Filipino Nurses Support Group
Vancouver, B.C., Canada
B.C. NURSES SAY 'SHOW US THE MONEY' WHILE FILIPINO NURSES CONTINUE TO
TOIL IN MODERN-DAY SLAVERY
In the wake of the B.C. Nurses' Union's (BCNU) unveiling of their plan
on how B.C. can competitively recruit and retain desperately needed
nurses, a 60% wage hike sounds great for practicing nurses in B.C., but
rings quite clearly on the unrealistic side. Crying out loudly and
consistently are the often ignored and misunderstood voices of the large
and growing numbers of Filipino nurses struggling to waken health and
nursing institutions, like the BCNU, to their clearly difficult reality.
Instead of being allowed to enter the country as nurses and landed
immigrants, especially now, during these times of a critical nursing
shortage hitting hospitals across the country, the Canadian government,
through Citizenship and Immigration Canada (CIC), offers zero
occupational points to nurses in assessing independent immigrant
applicants. The only choice for many nurses from the Philippines
attempting to escape the grinding poverty in their homeland, therefore,
is to come to Canada under the Live-in Caregiver Program (LCP) as
cheaply paid domestic workers.
After at least two years of not practicing nursing, they become
de-skilled. Their needed nursing skills and education become a complete
waste in Canadian society during a time they are needed the most.
Filipino nurses become legislated into poverty and debt by the Canadian
BCNU President, Ivory Warner, explained that it's high time that nurses'
work be truly valued and respected, when they publicly announced the
union's bargaining demand to increase nurses' wages from $26.50 to $42
"What about valuing and respecting nurses' work equally?" questions
Joyce Lovitos, a nurse from the Philippines who came to Canada in 1998
and member of the Filipino Nurses Support Group (FNSG). Hoping to
practice nursing here, she came to Canada under the LCP. She did
not realize however, that a live-in caregiver was a glossed-up term for
a minimum wage domestic worker who scrubs the toilets, mops the floors,
and looks after the children and elderly of privileged Canadian families
who could afford to have a live-in nanny.
"There are so many Filipino and other foreign-trained nurses already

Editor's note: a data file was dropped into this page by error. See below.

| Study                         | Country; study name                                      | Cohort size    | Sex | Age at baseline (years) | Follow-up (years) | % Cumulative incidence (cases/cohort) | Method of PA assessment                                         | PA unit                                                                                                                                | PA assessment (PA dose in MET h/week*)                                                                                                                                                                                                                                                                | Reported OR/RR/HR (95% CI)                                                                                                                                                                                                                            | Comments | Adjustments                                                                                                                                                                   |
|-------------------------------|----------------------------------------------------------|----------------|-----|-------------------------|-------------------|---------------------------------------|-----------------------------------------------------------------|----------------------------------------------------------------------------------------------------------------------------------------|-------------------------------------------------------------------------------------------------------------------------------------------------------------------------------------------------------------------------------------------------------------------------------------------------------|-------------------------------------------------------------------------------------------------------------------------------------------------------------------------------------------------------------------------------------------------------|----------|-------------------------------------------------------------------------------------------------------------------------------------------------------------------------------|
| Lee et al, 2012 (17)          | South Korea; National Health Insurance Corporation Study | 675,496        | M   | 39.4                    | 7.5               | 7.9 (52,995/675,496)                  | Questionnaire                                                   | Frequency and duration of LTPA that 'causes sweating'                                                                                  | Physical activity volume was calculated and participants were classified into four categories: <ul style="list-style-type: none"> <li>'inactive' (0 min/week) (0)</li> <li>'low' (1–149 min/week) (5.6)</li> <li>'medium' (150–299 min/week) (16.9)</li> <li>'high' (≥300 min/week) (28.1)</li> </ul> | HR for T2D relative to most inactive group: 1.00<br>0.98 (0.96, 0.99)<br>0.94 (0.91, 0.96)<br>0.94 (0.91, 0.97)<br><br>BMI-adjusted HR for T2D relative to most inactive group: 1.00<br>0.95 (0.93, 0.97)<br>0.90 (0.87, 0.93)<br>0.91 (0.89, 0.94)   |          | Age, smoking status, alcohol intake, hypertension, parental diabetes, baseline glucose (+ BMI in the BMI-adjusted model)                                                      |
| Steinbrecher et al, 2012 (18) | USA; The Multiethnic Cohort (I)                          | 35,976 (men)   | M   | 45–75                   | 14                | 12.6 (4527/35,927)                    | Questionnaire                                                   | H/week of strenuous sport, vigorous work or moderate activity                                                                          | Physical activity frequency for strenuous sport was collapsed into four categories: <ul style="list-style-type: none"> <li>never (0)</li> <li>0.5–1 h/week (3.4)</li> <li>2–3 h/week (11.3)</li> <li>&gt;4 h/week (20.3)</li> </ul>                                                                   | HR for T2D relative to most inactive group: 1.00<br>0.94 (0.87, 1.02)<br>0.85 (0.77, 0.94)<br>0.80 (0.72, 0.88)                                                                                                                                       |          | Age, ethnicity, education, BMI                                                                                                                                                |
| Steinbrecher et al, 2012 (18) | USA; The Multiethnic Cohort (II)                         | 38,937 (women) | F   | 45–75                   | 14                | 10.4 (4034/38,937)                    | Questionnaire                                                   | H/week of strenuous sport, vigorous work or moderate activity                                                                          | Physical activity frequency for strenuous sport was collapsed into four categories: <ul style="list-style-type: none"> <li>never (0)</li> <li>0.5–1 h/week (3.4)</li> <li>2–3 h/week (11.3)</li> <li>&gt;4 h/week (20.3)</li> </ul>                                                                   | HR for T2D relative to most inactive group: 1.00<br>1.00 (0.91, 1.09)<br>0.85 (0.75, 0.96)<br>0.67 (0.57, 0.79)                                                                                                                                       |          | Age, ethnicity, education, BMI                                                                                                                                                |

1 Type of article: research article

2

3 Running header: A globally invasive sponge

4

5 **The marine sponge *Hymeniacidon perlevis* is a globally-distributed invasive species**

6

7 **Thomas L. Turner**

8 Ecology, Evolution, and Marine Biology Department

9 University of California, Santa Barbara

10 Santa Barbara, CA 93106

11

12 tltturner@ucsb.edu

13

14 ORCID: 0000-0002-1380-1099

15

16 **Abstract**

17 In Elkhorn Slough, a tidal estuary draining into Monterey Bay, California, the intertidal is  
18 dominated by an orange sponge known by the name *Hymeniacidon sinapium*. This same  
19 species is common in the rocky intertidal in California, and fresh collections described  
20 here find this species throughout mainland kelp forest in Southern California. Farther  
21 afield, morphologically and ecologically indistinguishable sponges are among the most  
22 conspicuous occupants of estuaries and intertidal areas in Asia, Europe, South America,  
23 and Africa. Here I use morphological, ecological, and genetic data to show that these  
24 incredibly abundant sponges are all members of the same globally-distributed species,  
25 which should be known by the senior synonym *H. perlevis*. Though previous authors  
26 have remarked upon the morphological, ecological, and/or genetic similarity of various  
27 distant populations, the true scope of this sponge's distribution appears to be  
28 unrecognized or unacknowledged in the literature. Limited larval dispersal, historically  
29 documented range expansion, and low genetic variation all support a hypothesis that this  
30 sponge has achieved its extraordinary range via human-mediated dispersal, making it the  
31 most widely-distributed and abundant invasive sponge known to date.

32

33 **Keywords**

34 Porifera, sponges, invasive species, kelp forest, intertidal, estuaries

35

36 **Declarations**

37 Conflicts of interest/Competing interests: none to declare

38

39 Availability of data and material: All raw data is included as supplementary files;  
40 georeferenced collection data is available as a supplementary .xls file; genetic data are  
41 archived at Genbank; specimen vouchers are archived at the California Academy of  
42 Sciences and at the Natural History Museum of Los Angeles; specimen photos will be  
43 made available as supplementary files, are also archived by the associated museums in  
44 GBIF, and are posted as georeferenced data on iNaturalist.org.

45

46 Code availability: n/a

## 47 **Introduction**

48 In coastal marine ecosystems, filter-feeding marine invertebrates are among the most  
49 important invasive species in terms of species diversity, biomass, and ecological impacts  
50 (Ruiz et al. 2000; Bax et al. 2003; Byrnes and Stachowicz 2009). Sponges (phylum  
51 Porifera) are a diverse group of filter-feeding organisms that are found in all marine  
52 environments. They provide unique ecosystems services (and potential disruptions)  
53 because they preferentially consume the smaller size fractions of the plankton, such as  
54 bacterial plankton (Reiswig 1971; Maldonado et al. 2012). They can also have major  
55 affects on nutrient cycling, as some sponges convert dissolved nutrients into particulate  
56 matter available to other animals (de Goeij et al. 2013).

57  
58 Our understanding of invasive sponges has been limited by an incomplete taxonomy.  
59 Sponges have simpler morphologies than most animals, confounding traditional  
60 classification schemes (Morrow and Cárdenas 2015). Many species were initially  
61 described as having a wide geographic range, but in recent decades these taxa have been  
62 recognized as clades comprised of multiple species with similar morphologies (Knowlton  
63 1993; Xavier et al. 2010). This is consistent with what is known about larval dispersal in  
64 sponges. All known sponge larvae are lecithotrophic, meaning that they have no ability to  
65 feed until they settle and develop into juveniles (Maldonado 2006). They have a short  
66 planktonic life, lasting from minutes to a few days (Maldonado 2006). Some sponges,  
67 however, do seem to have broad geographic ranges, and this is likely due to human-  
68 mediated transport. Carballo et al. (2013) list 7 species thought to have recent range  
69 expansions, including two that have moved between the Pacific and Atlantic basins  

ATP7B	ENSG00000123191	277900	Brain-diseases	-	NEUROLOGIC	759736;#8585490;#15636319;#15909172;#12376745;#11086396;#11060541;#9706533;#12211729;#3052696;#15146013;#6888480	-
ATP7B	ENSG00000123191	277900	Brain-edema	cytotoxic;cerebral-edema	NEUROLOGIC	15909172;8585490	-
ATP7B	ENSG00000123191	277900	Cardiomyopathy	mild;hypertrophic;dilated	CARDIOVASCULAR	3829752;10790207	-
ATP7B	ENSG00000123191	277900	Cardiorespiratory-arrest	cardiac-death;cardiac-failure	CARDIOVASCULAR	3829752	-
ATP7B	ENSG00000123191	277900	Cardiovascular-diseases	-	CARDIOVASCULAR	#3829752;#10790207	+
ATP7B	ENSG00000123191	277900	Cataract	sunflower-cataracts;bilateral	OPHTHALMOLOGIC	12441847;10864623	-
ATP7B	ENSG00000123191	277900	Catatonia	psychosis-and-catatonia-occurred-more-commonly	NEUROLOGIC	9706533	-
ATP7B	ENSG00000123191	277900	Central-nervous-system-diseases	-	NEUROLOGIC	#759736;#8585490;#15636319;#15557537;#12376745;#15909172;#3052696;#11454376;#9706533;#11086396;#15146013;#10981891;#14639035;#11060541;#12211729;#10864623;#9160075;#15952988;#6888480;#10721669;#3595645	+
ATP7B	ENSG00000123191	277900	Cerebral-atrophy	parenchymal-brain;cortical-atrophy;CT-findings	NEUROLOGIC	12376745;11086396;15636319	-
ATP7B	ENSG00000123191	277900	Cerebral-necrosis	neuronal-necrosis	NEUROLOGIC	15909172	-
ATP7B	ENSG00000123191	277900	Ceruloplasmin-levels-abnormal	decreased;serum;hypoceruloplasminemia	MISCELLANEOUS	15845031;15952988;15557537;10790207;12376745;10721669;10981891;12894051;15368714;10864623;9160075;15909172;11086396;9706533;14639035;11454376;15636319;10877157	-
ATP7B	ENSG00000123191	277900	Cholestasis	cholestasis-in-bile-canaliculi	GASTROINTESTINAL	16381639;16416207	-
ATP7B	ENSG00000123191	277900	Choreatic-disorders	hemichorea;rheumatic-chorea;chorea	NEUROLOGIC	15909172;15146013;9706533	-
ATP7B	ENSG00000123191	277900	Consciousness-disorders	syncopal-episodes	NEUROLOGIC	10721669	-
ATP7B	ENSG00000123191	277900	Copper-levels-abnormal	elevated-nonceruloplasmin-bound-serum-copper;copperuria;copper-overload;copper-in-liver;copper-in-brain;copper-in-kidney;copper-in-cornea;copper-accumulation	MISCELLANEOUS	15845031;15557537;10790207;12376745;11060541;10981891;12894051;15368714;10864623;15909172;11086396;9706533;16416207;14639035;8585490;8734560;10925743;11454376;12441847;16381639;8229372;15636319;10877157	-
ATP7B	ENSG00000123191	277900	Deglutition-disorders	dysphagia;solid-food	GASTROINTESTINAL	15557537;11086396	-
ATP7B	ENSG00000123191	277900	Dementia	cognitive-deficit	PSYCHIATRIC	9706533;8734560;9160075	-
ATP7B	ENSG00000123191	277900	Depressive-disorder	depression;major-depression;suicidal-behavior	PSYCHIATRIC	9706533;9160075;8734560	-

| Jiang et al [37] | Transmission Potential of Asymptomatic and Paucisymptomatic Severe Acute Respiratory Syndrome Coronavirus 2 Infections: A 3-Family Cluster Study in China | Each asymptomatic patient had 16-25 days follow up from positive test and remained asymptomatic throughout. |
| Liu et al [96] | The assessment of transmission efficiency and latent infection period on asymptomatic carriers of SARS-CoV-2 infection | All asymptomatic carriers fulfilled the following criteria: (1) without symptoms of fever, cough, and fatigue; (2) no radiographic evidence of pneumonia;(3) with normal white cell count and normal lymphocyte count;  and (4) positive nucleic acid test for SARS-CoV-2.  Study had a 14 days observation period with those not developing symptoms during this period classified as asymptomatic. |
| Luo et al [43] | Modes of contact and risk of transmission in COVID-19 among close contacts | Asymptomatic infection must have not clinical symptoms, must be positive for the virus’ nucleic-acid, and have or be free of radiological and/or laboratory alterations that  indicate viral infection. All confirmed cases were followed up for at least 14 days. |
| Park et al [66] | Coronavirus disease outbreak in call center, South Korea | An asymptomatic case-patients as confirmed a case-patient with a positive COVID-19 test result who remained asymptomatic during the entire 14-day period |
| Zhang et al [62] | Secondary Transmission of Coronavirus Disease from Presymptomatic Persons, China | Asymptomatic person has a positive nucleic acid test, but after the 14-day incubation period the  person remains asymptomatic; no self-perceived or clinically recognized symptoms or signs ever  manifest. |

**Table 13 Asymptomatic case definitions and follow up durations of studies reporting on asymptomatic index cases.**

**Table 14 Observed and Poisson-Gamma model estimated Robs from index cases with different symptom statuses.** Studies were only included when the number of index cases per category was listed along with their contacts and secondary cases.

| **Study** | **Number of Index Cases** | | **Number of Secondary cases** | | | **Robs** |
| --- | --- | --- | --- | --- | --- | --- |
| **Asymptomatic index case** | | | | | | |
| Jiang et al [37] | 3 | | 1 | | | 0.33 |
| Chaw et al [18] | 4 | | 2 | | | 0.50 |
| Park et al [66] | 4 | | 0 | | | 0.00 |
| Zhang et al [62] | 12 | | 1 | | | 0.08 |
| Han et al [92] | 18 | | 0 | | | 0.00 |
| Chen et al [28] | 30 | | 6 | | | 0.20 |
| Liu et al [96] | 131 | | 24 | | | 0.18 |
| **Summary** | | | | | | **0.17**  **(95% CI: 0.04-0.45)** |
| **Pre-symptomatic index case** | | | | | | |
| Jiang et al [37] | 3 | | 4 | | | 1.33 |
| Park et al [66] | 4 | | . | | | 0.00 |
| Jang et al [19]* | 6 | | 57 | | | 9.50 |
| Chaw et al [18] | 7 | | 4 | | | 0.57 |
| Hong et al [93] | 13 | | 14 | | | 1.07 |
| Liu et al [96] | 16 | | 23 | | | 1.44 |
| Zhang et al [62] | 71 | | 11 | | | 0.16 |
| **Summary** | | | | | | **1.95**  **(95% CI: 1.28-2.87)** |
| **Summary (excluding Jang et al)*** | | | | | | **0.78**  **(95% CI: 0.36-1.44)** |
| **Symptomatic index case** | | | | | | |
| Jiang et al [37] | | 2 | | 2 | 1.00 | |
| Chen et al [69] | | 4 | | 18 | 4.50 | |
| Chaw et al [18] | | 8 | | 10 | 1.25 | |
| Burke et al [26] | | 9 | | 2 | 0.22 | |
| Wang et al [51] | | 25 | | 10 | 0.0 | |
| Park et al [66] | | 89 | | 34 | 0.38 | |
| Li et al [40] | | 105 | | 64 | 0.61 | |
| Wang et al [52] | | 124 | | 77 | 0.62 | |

here and fully qualified to practice nursing in B.C., yet who are held
back by immigration and accreditation barriers from working as nurses.
In fact, Filipino nurses are at the top of the list when it comes to
foreign-trained nurses successfully obtaining their registration to
practice nursing in B.C. based on RNABC [Registered Nurses Association
of B.C.] requirements" states Lovitos. "Are they saying that the
contribution of qualified foreign-trained nurses are considered less
valuable? Or are we just less desirable as professionals in Canada?"
A pool of highly-skilled, yet low-paid health workers has been created
through the Canadian government's LCP. Once the nurses complete their
temporary work contract as domestic workers and obtain their landed
immigrant status, many become home support workers, nursing aides, or
continue to do domestic work, because of the many barriers that prevent
them from practicing nursing here. Their presence in fact, cheapens the
nursing profession by driving down the wages of Canadian nurses and
"It's a formula for the privatization of Canada's health care system.
Highly-skilled and highly-educated immigrants, mostly from the Third
World, are segregated as sources of cheap labour for Canada", states
Leah Diana, a registered nurse in B.C. and member of FNSG. "With BCNU's
recent announcement of their demand to increase nurses' wages to $42 per
hour, can this really be achieved when qualified foreign-trained nurses
continue to make $7.50 an hour in private homes and home care agencies?"
BCNU's position only promotes racist assumptions about the
qualifications of foreign-trained nurses, further dividing and
segregating the nursing workforce, and pitting Canadian nurses against
"The struggle of Filipino and other foreign-trained nurses is a
legitimate struggle for recognition and equality as immigrants and women
working in Canada. Government and nursing institutions should commit to
support the struggle of Filipino nurses as one of the concrete steps
they can take to help alleviate the nursing shortage and improve health
care", states Sheila Farrales, registered nurse in B.C., also a member
For more information, call Leah or Sheila at (604) 215-1103.
Celebrating a Decade of Struggle
Philippine Women Centre of B.C.
ph/fax: (604) 215-1103